2. Departaments. Brand management does not slot into the functional structure of a company easily. A brand goes beyond the remit of an individual department and needs a multi-stakeholder perspective. The expert David Aaker described this recently with his theory of silos: in his opinion, excessive compartmentalisation within companies is counterproductive for brand management and can even be a burden to companies as a whole, given the current economic climate, which requires holistic, connected visions.
3. Managers. 3. Managers. The person responsible for brand management is not the ‘logo police’. Although it is often assumed to be the case and this may be one of their functions, they are not simply tasked with ensuring consistency in graphics. We need to go beyond this focus: this person is the voice and the spirit of the brand and is responsible for making sure that the company as a whole is guided by the brand and takes inspiration from it when making decisions and carrying out everyday activities. Brand managers also guarantee that the experience of customers is as intended, which means that they should have the capacity to manage or supervise all operations, environments, marketing and communication in all their forms of expression.
4. Stability. The yearly nature of budgets, the high level of turnover within management teams, changes in company capital or excessive short-termism are crucial factors facing companies in the construction of a brand that will provide value.
5. Manuals. In tactical terms, the challenge is that it is common for brand manuals to regulate the known, contrasted universe of possibilities. This type of document is usually limited to compiling those applications that have already been designed, when in reality they should be an instrument that provides the keys, the criteria and the tools that lead to solutions to new problems that are not yet resolved or anticipated. In short, future applications should be expressed within the style and spirit of the brand. In the same way that possessing a dictionary and a set of grammatical rules does not guarantee the ability to express oneself in a language, so having a manual does not guarantee the consistency and strength of a brand’s identity.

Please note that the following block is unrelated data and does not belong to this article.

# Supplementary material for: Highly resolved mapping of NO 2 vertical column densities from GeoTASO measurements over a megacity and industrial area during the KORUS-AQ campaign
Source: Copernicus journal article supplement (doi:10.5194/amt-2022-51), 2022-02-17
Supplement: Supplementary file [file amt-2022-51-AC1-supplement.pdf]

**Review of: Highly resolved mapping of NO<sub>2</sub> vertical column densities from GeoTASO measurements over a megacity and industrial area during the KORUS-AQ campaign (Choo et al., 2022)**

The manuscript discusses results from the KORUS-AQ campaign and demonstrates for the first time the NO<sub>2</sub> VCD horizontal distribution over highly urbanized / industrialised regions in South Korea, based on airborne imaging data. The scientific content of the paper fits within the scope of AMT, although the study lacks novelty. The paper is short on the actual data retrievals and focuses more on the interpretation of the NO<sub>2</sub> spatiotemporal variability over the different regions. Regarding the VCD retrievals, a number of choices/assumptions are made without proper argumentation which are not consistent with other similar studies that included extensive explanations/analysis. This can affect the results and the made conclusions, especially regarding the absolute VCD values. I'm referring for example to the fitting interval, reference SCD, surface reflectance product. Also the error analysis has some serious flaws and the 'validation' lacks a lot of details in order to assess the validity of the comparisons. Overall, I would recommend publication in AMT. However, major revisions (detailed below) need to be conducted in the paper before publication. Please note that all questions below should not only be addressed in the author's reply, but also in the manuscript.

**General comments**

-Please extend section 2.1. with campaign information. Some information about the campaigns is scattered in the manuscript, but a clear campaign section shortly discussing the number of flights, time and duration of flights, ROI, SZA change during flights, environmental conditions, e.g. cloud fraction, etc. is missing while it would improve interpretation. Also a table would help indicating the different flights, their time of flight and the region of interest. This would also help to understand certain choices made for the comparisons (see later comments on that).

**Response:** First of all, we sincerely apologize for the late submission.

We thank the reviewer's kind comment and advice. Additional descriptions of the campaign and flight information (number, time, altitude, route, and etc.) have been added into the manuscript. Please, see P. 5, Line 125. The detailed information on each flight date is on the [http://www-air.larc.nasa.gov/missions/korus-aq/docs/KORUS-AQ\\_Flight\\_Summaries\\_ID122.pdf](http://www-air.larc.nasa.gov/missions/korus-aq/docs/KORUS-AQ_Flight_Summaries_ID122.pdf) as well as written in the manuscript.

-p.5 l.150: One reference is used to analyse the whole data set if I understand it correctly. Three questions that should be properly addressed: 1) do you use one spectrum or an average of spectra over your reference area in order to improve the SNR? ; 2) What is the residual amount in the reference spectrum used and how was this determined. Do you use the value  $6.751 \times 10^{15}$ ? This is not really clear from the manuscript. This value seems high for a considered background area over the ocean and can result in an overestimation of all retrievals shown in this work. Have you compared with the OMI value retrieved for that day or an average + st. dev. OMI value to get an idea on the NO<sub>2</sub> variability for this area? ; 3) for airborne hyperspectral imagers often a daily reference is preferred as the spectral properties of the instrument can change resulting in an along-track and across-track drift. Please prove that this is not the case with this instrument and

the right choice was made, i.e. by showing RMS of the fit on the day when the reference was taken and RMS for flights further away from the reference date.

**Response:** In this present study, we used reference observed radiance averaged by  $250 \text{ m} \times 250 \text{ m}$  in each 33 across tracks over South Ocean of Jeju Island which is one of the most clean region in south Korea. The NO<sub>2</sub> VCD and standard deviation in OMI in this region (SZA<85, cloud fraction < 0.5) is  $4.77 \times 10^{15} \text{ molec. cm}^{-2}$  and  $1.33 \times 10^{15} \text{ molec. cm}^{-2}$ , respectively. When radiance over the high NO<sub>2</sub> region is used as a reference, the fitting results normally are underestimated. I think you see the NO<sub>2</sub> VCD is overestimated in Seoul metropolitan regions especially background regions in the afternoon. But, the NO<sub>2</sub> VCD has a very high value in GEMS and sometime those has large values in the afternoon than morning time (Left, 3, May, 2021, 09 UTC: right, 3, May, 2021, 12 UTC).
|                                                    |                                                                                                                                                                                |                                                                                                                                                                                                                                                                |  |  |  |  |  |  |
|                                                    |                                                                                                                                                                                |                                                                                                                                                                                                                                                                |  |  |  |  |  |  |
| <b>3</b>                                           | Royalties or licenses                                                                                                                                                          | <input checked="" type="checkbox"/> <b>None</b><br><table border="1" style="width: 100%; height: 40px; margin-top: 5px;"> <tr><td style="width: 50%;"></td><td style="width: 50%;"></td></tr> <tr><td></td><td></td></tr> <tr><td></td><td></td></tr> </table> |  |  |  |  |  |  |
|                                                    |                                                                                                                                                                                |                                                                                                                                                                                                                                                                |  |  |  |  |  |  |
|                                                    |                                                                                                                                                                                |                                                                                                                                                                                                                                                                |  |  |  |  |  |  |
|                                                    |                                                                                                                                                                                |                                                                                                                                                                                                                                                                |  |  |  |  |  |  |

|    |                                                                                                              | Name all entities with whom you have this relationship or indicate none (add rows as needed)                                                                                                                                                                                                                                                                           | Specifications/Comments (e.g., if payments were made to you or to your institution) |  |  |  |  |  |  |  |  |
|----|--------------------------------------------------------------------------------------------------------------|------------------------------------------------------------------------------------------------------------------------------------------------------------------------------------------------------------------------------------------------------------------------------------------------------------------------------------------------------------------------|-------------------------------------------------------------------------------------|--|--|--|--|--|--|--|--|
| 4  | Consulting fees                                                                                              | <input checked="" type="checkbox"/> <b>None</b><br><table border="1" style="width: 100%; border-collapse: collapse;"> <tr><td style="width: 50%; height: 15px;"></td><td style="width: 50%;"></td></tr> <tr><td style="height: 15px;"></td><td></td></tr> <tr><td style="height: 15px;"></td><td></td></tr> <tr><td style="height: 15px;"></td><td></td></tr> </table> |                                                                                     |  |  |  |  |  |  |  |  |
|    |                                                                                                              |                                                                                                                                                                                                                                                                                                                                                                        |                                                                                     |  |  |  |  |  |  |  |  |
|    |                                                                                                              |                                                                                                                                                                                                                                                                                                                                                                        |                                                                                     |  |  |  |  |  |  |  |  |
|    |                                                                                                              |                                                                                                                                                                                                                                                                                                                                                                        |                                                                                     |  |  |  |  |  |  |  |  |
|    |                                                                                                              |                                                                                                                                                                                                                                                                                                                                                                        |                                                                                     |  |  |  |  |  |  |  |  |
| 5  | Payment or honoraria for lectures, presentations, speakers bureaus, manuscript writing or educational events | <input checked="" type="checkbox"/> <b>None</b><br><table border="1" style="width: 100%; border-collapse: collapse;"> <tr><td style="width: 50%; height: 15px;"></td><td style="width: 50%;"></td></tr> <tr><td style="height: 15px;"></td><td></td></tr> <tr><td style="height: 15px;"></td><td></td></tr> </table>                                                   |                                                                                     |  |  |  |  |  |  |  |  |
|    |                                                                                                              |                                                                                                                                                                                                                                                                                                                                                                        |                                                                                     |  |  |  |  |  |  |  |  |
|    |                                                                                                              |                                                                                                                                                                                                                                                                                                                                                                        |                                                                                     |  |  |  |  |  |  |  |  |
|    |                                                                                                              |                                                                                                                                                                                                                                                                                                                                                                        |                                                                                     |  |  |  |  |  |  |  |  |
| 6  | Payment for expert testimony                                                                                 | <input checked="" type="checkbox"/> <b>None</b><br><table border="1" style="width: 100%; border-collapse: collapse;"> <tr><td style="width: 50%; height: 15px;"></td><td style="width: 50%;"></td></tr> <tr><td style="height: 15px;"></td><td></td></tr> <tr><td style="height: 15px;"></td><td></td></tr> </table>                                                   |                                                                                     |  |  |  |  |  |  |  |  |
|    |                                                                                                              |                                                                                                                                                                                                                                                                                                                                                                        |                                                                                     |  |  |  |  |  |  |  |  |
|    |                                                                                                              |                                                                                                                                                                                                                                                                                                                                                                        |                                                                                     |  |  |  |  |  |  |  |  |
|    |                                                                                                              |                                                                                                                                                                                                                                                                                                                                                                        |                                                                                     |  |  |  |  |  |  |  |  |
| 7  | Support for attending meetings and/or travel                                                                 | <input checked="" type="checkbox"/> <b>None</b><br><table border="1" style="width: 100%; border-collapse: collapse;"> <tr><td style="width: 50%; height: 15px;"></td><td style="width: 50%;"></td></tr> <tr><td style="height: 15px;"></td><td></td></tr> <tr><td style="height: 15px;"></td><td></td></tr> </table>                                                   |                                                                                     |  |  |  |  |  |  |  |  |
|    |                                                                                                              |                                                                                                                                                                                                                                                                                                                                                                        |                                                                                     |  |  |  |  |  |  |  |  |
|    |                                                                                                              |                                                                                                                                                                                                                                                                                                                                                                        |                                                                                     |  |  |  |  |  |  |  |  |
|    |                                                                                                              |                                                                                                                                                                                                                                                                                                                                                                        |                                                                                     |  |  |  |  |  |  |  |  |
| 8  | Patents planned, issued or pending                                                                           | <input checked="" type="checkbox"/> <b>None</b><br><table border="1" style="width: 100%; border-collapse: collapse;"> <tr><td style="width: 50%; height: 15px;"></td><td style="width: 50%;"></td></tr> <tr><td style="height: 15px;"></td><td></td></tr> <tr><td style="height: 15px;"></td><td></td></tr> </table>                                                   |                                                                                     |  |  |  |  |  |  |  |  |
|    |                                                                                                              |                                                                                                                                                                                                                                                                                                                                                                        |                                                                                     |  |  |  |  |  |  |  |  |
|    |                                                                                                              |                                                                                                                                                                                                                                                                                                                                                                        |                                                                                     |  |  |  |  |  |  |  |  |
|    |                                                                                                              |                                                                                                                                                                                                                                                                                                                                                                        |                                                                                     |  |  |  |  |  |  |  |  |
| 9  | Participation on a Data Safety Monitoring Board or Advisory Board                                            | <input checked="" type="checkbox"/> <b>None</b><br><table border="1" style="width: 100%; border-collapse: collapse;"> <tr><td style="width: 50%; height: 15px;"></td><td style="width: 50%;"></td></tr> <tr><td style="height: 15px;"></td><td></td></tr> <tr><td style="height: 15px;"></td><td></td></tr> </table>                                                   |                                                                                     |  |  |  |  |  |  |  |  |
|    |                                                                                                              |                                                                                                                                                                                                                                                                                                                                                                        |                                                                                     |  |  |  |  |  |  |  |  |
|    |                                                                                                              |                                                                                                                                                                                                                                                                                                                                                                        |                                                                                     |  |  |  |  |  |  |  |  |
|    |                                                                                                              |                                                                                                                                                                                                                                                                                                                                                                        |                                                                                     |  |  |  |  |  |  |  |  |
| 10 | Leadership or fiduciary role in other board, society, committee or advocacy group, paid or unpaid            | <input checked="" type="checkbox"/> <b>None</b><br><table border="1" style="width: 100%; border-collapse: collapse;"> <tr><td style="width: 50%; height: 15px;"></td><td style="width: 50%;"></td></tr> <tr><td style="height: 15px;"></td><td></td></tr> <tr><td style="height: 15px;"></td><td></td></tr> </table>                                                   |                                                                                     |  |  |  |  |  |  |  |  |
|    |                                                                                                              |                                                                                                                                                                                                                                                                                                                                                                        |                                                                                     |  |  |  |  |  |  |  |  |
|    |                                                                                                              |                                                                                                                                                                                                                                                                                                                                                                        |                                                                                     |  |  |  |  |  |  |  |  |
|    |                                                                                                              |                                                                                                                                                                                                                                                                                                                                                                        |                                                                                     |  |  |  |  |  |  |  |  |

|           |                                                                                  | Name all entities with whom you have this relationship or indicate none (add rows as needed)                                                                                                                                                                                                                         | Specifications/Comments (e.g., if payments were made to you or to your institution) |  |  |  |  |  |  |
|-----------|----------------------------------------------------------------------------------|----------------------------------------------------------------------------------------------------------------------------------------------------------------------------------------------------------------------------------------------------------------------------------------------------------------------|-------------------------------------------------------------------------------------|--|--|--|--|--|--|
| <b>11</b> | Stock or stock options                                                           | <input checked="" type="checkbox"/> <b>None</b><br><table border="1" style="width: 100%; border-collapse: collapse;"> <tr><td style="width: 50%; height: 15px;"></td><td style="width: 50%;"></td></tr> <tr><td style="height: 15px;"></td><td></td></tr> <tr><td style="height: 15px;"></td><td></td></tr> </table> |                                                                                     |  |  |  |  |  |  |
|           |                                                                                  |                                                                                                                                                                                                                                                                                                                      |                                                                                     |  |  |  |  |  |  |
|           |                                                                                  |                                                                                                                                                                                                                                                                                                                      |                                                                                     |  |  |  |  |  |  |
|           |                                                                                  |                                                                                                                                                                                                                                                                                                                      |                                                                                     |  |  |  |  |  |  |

The requirements for ensuring brand continuity and consistency
• A clear, focused concept
• A strong and attractive visual identity
• Regulations that are flexible in their conception but strict in their application
• A brand manager with excellent judgment and the complicity and support of top management, with leadership skills and the ability to cooperate with every functional area within the company
• Shared criteria concerning what the brand is and is not, and what it can and cannot do
• An organisation that genuinely takes inspiration from the brand when focusing its behaviour and decision-making and that is committed to the brand